Sunday, March 11, 2012

Mailbag: Deciding where to play offensive linemen

Kyle Kalis could play several positions in college
 What do you look for in a tackle vs. a guard vs. a center?  Is it just height?
Well, that's pretty straight forward.  It's more than height, but that's a good place to start.

Tackles are generally the tallest players on the field.  The only Michigan tackle under 6'6" for the past several years has been the 6'5" Stephen Schilling, who started at right tackle in 2007 and 2008 before moving to left guard.  If a recruit is legitimately 6'7" or taller, I almost automatically slot him in as a right or left tackle.  Tackles need to be tall to deal with edge rushers, many of whom are long and lanky themselves.  The best way to combat long and athletic guys is to get your hands on them before they can get their hands on you.  If you look at tackles, they're generally the guys you would want on your basketball team who are a little too slow to play tight end.  They tend to have relatively skinny legs.  They also have to have the lateral quickness to stay in front of edge rushers without overextending themselves, getting off balance, and getting their feet crossed up.  I look for a little more agility in a left tackle and a little more bulk in a right tackle.

Offensive guards are the guys who look like bowling balls.  They're generally shorter and stockier than offensive tackles, with thick legs and a low base.  They're also the guys with bellies spilling over their belts.  They're generally 6'4" to 6'6".  They rarely deal with those long and lanky defensive ends on their own (unless there's a loop or stunt), but they do have to deal with massive defensive tackles (like William Campbell), some of whom are 6'5" or 6'6" as well.  Guards have to stay low enough, though, to root out the shorter defensive tackles like Mike Martin and Warren Sapp (both of whom are 6'2").  If a kid can't bend effectively and play with a low pad level, then he's essentially relegated to the tackle position . . . or the bench.  Guards don't have to move laterally in a power offense as much as in a zone blocking system, but they do have to get out and run on plays in which they have to pull.  You want a guy who can run fairly well in a straight line and who also can find a hole, cut up in the hole, and pick up a scraping linebacker.

Centers are generally the shortest offensive linemen.  They can be anywhere below 6'5", but once a kid hits 6'5" or 6'6", you have to consider moving him to guard or tackle.  Because a center has to snap the ball and immediately block a nose tackle or 1-tech defensive tackle, he needs to be quick and maintain leverage.  They also need to be good with their hands, which makes wrestling or a wrestler's mentality very helpful when it comes to playing center.  It's very difficult for a 6'3", 295 lb. center to blow a 6'5", 330 lb. nose tackle off the ball, so the most important thing is the ability to move laterally and use quickness and agility to wall off defensive linemen.  Obviously, another significant part of a center's job is to snap the ball, but most players can be taught to snap if they devote enough time to it.  The most difficult part of gauging a center's future at the position is the mental aspect.  Centers are responsible for calling out blocks and protection schemes, and as we've seen in the past few seasons with David Molk's "head bob," they're integral to keeping the defense off balance with snap counts.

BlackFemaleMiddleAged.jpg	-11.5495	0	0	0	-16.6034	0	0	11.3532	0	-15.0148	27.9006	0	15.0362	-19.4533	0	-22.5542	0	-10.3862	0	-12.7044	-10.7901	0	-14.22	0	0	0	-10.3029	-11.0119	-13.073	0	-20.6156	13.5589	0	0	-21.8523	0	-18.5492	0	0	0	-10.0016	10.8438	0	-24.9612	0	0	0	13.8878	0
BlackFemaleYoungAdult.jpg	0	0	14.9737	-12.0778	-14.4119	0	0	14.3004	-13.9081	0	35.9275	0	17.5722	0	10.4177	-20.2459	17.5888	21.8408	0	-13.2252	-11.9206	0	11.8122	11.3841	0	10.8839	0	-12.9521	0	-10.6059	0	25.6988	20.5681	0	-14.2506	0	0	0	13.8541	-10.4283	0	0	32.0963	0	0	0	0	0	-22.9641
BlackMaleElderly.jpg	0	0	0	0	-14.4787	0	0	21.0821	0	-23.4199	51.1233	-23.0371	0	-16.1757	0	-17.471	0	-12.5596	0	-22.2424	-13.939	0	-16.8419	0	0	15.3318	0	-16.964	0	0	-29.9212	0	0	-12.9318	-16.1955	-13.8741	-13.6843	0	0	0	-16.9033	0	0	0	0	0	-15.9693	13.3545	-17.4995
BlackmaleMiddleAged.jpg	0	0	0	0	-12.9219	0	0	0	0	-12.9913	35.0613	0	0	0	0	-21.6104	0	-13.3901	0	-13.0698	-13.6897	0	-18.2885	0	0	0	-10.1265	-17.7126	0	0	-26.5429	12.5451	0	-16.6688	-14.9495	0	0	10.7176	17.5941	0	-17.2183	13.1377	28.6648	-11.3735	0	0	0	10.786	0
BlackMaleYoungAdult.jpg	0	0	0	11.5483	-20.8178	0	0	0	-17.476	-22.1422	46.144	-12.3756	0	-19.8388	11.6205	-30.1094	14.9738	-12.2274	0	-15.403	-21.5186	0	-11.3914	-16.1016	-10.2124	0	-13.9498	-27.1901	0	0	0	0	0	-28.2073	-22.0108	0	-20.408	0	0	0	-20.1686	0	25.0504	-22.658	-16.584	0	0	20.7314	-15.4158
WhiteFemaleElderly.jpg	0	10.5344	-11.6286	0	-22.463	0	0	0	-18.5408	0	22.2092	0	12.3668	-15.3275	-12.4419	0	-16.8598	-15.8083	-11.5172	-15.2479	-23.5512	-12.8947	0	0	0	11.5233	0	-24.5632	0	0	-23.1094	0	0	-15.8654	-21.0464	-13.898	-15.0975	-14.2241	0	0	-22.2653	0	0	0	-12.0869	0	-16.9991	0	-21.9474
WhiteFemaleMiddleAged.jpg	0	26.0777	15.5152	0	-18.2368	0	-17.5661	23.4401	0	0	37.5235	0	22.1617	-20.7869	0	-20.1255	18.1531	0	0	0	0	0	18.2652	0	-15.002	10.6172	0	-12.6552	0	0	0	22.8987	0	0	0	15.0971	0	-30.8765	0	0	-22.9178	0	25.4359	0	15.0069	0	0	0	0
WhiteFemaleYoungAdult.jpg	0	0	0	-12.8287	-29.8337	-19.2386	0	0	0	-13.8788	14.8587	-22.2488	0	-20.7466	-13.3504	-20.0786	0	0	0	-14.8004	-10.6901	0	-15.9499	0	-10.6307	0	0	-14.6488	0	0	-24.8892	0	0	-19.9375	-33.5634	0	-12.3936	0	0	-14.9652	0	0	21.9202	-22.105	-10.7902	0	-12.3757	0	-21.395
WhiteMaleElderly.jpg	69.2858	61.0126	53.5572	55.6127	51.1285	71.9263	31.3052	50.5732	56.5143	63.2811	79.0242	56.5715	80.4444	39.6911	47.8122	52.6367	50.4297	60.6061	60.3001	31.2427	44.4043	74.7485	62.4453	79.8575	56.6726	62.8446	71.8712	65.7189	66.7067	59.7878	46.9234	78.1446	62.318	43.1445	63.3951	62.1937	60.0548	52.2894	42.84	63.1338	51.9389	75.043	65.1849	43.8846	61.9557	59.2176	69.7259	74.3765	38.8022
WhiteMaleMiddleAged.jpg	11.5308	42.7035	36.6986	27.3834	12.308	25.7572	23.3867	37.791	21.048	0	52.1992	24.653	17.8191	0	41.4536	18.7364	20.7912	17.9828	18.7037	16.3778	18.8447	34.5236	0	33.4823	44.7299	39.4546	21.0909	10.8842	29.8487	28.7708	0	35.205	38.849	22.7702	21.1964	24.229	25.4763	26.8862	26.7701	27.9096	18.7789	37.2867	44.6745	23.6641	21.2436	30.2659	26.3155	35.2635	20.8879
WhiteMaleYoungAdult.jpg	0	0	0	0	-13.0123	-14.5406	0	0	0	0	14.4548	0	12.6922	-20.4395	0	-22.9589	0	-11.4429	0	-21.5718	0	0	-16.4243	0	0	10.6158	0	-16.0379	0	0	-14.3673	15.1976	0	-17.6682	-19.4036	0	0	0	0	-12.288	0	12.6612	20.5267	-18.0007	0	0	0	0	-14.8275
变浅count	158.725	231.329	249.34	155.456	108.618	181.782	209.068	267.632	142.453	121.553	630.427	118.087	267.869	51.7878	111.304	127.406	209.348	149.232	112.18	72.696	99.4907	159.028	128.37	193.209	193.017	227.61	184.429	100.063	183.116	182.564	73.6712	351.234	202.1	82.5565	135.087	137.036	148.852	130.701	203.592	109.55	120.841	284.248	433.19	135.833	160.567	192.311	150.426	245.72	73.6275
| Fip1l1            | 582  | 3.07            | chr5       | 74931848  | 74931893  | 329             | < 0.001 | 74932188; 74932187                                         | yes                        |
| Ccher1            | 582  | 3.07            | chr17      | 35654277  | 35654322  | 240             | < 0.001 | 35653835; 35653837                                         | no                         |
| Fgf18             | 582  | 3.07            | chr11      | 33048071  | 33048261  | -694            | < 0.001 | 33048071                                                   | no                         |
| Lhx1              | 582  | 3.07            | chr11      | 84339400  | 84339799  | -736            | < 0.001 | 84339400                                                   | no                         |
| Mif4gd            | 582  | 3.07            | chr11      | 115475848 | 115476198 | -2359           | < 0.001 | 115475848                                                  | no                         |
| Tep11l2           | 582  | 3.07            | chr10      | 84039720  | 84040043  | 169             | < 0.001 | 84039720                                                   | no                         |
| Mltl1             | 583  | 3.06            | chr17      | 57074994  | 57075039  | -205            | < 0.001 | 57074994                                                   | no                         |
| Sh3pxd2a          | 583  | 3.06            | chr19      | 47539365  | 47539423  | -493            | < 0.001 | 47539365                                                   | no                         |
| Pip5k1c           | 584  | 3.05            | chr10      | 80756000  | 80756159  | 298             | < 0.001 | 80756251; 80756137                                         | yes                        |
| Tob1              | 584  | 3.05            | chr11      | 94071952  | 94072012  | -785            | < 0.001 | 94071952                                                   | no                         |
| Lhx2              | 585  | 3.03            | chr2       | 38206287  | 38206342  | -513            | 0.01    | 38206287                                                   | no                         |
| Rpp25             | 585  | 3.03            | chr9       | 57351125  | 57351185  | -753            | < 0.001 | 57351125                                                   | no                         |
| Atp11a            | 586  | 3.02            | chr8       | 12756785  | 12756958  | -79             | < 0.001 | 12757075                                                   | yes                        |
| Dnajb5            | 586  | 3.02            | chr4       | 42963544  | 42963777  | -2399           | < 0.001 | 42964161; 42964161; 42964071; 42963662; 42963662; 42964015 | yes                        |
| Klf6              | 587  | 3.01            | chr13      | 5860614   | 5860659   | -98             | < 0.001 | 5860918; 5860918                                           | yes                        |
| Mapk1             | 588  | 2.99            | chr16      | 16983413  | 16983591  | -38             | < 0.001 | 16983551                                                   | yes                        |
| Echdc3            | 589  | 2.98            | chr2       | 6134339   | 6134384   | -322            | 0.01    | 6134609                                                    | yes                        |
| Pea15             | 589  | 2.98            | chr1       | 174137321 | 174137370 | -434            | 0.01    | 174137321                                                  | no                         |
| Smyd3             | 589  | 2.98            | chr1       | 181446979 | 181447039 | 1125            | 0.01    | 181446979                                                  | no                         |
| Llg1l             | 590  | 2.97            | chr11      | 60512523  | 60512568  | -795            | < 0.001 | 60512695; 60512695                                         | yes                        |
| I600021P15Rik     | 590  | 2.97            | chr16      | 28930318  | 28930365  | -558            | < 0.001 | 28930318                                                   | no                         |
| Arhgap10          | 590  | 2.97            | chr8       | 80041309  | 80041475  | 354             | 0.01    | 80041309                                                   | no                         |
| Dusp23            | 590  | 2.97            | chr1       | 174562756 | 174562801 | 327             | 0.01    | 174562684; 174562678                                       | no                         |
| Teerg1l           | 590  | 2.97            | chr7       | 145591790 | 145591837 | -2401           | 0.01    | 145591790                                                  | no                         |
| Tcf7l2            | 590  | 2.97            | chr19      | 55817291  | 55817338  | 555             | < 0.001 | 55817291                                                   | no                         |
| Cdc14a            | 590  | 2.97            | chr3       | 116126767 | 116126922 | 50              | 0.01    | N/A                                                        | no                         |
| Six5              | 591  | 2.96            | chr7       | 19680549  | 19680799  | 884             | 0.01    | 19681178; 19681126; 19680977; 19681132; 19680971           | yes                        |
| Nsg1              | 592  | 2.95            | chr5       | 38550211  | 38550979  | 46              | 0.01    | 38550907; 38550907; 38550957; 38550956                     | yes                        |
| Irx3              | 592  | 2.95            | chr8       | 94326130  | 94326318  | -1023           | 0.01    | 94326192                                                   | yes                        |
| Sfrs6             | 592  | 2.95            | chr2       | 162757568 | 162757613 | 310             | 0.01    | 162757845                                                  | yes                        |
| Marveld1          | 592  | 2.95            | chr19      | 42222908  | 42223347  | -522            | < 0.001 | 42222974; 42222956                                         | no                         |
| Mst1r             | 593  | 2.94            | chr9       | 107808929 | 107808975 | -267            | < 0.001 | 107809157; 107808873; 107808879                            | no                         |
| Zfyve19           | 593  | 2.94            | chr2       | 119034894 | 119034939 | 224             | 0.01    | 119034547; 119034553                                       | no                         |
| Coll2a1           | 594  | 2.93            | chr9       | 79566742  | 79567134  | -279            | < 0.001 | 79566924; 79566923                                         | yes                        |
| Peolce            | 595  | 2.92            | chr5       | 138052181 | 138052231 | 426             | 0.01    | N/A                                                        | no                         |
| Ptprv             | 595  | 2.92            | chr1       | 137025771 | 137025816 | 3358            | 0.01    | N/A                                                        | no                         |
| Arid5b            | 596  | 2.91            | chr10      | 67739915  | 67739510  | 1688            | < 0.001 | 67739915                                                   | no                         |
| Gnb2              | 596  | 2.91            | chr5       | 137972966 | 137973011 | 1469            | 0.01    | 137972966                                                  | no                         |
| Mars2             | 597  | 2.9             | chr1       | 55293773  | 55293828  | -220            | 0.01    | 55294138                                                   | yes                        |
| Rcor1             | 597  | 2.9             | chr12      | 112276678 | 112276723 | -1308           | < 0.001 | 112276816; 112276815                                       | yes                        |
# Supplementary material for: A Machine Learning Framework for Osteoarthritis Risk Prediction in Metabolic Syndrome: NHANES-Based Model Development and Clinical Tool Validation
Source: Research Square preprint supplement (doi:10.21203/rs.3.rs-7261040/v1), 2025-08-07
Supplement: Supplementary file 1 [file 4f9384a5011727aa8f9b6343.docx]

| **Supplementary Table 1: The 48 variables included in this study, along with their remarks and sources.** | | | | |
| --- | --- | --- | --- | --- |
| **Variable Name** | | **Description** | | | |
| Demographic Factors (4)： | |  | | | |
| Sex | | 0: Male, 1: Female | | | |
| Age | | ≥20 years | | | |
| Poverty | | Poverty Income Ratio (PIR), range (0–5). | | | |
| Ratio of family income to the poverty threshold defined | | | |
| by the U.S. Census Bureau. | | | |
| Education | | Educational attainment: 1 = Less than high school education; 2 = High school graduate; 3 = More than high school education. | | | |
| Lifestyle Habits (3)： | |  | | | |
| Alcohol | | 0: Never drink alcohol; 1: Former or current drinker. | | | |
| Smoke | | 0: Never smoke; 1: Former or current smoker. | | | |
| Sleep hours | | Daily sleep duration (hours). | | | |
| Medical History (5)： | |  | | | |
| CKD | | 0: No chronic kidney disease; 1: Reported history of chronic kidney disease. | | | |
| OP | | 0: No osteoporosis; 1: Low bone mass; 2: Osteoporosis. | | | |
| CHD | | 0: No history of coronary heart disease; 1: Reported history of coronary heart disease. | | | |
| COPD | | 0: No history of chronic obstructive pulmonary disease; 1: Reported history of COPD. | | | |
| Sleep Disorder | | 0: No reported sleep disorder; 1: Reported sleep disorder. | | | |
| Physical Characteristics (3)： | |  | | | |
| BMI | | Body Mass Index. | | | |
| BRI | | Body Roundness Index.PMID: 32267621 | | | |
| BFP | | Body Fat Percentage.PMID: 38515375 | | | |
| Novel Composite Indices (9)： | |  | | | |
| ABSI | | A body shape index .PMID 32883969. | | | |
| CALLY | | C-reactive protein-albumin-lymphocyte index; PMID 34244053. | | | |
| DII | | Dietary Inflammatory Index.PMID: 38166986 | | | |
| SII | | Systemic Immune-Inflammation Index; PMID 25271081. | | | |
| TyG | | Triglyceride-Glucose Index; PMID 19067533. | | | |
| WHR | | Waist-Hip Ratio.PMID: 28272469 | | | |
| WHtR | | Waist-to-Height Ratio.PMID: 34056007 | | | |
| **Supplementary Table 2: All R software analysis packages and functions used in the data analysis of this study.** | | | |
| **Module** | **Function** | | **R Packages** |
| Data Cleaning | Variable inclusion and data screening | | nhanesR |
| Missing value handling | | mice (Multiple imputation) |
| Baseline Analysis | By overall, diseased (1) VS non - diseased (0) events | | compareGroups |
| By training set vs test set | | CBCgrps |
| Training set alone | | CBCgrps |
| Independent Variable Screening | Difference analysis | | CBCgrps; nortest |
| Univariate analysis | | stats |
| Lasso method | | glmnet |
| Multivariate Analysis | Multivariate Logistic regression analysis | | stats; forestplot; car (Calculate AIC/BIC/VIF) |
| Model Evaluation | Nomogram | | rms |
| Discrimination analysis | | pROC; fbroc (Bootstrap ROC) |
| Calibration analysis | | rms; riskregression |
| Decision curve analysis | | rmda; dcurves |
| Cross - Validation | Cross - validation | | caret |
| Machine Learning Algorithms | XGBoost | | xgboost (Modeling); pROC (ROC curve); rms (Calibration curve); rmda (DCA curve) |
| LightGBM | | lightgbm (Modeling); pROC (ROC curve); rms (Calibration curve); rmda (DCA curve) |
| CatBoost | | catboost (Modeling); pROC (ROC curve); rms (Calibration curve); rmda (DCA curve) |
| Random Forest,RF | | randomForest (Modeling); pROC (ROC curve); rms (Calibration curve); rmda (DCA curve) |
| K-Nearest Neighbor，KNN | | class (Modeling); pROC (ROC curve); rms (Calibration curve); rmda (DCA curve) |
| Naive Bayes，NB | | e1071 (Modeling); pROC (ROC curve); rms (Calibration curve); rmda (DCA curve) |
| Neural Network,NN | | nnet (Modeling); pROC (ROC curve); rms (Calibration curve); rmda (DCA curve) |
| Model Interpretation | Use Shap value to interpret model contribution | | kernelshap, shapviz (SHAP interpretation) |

1. "I look for a little more agility in a left tackle and a little more bulk in a right tackle."
    Does this preference on tackle type flip when you have a left handed QB vs. a right handed one?

    1. Yes. A guy who would normally be a right tackle would be a left tackle and vice versa. You wouldn't make a chance for a series or a half, though, if your right-handed QB gets injured or something. It's a long-term change, so you wouldn't make the flip unless your full-time starter were going to be left-handed.